One interesting thing about this dancer's performance was that she placed a small, attractive Oriental rug on the floor and sat on it. Then she placed several Turkish coins about the size of quarters (maybe slightly larger) on her abdomen and rolled them, reminiscent of the coin-rolling that Helene Vlahos did on an episode of the television show That's Incredible around 1979 or 1980.

This dancer succeeded in rolling all 3 or 4 coins over once from her upper abdomen to her lower. Then she attempted to flip them back to their starting position, but wasn't able to do it. Eventually, she gave up on that, picked up the coins in her fingers, placed them back in their original positions, and rolled them a second time. Again she tried to flip them to the starting position, and again it didn't work for her.

Yasar Baba Dancer

The thing I found most annoying about the Oriental dancer at Yasar Baba was her continuous attempts to get the audience to clap along with the music. I always find it a little annoying anyway when a dancer does that — as an audience member, I prefer to decide for myself when I will or will not clap. And I usually would rather nod my head in time to the music or smile at the dancer rather than clap along. That's just me. I realize that some dancers try to get the audience clapping along with the music as a way of making the audience feel more involved and raising the energy level of the room. I don't care for it, but I can tolerate it in small doses — at most 2 or 3 times over the course of an entire performance. Beyond that, it feels excessive.

That was the problem with this dancer — the "please clap" gestures were obnoxiously frequent. At times, they came as often as once every 15-20 seconds! I started to think her clappy little hands made her look like a trained seal. I wanted to snarl to her, "If you want me to clap for you, then do something worth applauding!"



Dancer at Colossea Hotel

Dancer at Colossae

A couple of nights later, after moving on to another city, we arrived at our hotel to discover that their bar featured an Oriental dance performer. Of course, we needed to watch!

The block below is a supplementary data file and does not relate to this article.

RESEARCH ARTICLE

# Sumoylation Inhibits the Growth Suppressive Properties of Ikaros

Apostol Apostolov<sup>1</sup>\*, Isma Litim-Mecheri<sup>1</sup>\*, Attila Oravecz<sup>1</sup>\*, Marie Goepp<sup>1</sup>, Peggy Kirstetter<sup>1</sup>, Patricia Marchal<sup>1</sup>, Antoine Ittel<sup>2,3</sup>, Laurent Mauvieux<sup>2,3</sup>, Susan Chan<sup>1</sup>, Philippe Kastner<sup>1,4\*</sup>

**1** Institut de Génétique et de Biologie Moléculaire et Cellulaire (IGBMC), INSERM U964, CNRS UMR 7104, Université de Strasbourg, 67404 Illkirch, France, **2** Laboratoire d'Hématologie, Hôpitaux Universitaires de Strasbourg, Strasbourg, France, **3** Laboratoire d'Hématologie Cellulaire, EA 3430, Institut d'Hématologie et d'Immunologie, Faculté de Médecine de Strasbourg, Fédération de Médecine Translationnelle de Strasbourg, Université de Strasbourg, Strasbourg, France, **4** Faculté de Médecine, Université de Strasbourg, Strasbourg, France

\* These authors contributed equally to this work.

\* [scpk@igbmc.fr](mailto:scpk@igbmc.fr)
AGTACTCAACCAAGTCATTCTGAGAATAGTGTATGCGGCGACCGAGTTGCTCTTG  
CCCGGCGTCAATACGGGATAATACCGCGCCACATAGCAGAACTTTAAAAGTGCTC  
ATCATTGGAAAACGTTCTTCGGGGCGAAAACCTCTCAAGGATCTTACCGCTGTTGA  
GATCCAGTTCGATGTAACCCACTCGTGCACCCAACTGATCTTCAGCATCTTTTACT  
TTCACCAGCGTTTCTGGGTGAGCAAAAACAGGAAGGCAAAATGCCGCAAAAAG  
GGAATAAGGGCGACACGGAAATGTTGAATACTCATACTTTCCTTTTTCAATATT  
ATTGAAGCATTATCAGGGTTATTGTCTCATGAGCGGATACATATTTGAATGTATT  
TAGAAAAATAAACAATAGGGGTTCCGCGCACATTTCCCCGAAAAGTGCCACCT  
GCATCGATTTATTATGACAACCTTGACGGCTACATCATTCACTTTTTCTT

After the disappointing costume worn by the dancer in Cappadocia, it was refreshing to see the dancer on July 17, 2000 at the Colossea Hotel near Pamukkale wearing this pretty beaded bra/belt set with a circle skirt.

She did the usual "get the audience up on stage to dance" act, and was delighted to discover that our group consisted of 25 dancers!

Dancer at Colossae



Dancer in Istanbul

The 15th and final dancer that I saw during my two weeks in Turkey appeared on July 20, 2000 at a restaurant that we went to after returning to Istanbul. I was disappointed with her dancing, but her costume was pretty. Not innovative, but pretty. A "classic" style. She played finger cymbals, which I appreciated.

I especially liked the beads draped across the shoulders like epaulets.

This dancer wasn't a very interesting dancer to watch. Her attitude led me to believe that she was completely bored with what she was doing, and couldn't wait to finish her gig and get out of there.

Out of the 15 different Oriental dance acts I saw in Turkey, this was the only dancer who went out into the audience for tips. Nobody else did, at all. The way she went about it was actually rather obnoxious. She unceremoniously made her way to a table and went right up to a man, and shimmied her hip right in his face until either he tipped her or she figured out that he wasn't going to. She didn't pay any attention to the women at all, which meant that she ignored 20 of the 22 people in our party. After receiving a tip, she didn't bother to thank the giver — she just turned her back and went looking for her next victim.

Dancer in Istanbul
Dancer in Istanbul

Now, I don't mind when a dancer goes around and visits the tables in hopes of receiving tips. I sometimes do it myself when I dance. But behavior is everything, and this dancer was an example of how not to do it.

Ignoring large numbers of audience members, acting annoyed when tips are not forthcoming, and failing to thank the giver are all bad behavior. You'll notice that this unpleasant behavior is the primary thing I remember about her show.

Dancer in Istanbul



Related Articles

These photo galleries contain photographs taken by Shira in July, 2000.

Oriental Dance

Other Images